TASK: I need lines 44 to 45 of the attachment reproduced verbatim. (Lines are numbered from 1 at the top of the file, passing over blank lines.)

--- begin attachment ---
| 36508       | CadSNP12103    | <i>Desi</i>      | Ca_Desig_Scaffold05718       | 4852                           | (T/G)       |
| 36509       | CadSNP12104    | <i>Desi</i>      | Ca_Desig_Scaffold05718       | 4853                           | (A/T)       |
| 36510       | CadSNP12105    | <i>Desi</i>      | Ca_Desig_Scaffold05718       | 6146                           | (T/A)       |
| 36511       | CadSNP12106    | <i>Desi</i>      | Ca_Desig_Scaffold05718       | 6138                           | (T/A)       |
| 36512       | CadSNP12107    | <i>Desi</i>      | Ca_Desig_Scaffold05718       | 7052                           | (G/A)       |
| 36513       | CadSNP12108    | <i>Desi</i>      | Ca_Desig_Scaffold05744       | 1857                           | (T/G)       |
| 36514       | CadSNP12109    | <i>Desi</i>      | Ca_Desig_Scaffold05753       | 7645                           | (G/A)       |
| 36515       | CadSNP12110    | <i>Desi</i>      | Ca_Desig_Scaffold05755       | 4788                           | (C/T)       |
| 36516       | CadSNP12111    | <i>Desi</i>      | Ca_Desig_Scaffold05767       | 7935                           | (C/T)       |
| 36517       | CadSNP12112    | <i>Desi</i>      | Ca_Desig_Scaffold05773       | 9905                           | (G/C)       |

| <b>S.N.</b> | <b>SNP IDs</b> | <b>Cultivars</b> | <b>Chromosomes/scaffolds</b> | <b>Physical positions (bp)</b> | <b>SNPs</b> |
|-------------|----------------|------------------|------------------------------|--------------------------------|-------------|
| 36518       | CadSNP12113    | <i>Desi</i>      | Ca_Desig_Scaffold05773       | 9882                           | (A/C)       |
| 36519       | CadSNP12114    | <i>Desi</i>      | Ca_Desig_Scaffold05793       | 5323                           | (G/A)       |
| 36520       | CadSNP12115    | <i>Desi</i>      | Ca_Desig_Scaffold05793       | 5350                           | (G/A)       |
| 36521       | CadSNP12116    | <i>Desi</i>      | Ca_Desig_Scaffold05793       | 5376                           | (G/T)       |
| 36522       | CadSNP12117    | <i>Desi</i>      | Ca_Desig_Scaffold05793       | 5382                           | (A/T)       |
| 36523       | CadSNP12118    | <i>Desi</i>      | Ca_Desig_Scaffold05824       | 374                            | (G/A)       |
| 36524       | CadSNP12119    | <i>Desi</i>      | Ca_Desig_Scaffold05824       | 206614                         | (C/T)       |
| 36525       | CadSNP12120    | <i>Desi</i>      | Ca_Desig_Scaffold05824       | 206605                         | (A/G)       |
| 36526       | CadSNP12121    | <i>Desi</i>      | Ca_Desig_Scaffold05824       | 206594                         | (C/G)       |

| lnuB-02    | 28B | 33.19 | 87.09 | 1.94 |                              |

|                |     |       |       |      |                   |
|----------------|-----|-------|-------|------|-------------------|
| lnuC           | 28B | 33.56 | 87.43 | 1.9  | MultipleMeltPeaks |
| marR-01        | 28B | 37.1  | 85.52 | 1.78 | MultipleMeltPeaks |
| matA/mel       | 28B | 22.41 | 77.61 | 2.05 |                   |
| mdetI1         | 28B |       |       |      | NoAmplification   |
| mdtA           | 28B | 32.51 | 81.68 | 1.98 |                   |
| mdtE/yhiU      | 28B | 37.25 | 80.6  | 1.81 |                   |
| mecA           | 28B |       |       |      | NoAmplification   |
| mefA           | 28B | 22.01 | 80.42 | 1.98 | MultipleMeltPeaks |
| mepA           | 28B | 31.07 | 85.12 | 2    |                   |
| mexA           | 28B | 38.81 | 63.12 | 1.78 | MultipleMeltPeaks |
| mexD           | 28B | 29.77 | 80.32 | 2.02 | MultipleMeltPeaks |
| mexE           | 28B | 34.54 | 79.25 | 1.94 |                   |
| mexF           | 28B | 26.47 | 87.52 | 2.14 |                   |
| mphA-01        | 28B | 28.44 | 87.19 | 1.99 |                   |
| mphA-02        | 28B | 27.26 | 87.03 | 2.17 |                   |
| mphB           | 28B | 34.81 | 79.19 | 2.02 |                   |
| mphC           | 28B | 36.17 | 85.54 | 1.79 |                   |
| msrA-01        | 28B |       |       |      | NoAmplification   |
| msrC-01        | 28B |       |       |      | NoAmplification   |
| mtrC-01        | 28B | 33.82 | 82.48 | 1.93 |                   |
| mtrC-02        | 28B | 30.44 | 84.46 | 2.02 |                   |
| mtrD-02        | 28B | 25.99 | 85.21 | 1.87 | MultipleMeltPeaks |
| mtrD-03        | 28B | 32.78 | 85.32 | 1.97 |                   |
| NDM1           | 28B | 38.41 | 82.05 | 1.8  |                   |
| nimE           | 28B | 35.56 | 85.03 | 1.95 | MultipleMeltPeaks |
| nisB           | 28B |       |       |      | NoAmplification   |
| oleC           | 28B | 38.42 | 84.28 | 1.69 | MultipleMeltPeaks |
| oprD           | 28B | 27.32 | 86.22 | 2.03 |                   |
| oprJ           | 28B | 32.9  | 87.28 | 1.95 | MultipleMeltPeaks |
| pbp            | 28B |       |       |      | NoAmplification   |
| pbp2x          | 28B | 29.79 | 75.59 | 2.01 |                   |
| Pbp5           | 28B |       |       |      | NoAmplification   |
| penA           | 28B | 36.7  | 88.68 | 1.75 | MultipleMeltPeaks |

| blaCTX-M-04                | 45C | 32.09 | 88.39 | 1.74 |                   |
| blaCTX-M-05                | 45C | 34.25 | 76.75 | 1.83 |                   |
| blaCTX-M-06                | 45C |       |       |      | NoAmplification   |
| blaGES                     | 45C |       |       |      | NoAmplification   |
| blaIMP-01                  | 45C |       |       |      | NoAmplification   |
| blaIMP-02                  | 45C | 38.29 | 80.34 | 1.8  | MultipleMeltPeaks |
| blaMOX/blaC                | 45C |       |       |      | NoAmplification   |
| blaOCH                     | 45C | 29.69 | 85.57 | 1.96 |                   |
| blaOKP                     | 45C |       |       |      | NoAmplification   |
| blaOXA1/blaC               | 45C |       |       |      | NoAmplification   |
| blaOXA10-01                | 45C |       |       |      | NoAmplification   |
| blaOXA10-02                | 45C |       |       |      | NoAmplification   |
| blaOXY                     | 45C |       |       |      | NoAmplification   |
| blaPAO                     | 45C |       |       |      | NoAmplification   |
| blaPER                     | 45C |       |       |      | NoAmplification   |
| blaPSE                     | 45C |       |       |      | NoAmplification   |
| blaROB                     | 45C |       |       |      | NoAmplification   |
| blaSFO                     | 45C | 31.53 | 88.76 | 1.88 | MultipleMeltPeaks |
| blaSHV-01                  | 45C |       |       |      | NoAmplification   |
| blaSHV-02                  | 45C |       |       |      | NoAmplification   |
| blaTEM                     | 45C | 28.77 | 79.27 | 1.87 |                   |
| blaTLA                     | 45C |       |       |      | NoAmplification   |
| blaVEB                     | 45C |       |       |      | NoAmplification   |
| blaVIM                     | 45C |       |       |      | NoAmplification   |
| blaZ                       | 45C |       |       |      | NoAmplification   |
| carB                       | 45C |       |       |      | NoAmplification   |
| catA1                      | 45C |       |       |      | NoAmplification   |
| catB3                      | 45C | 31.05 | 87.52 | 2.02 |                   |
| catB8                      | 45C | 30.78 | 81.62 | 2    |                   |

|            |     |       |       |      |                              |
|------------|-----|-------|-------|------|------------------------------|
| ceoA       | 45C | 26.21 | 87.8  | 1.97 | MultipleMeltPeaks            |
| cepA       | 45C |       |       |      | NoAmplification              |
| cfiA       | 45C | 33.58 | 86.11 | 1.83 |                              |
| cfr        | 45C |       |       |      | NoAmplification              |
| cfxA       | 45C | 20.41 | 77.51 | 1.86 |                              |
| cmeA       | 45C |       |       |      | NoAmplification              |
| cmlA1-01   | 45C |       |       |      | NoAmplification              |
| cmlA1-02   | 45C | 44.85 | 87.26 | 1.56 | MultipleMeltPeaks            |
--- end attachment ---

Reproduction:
| mtrC-01        | 28B | 33.82 | 82.48 | 1.93 |                   |
| mtrC-02        | 28B | 30.44 | 84.46 | 2.02 |                   |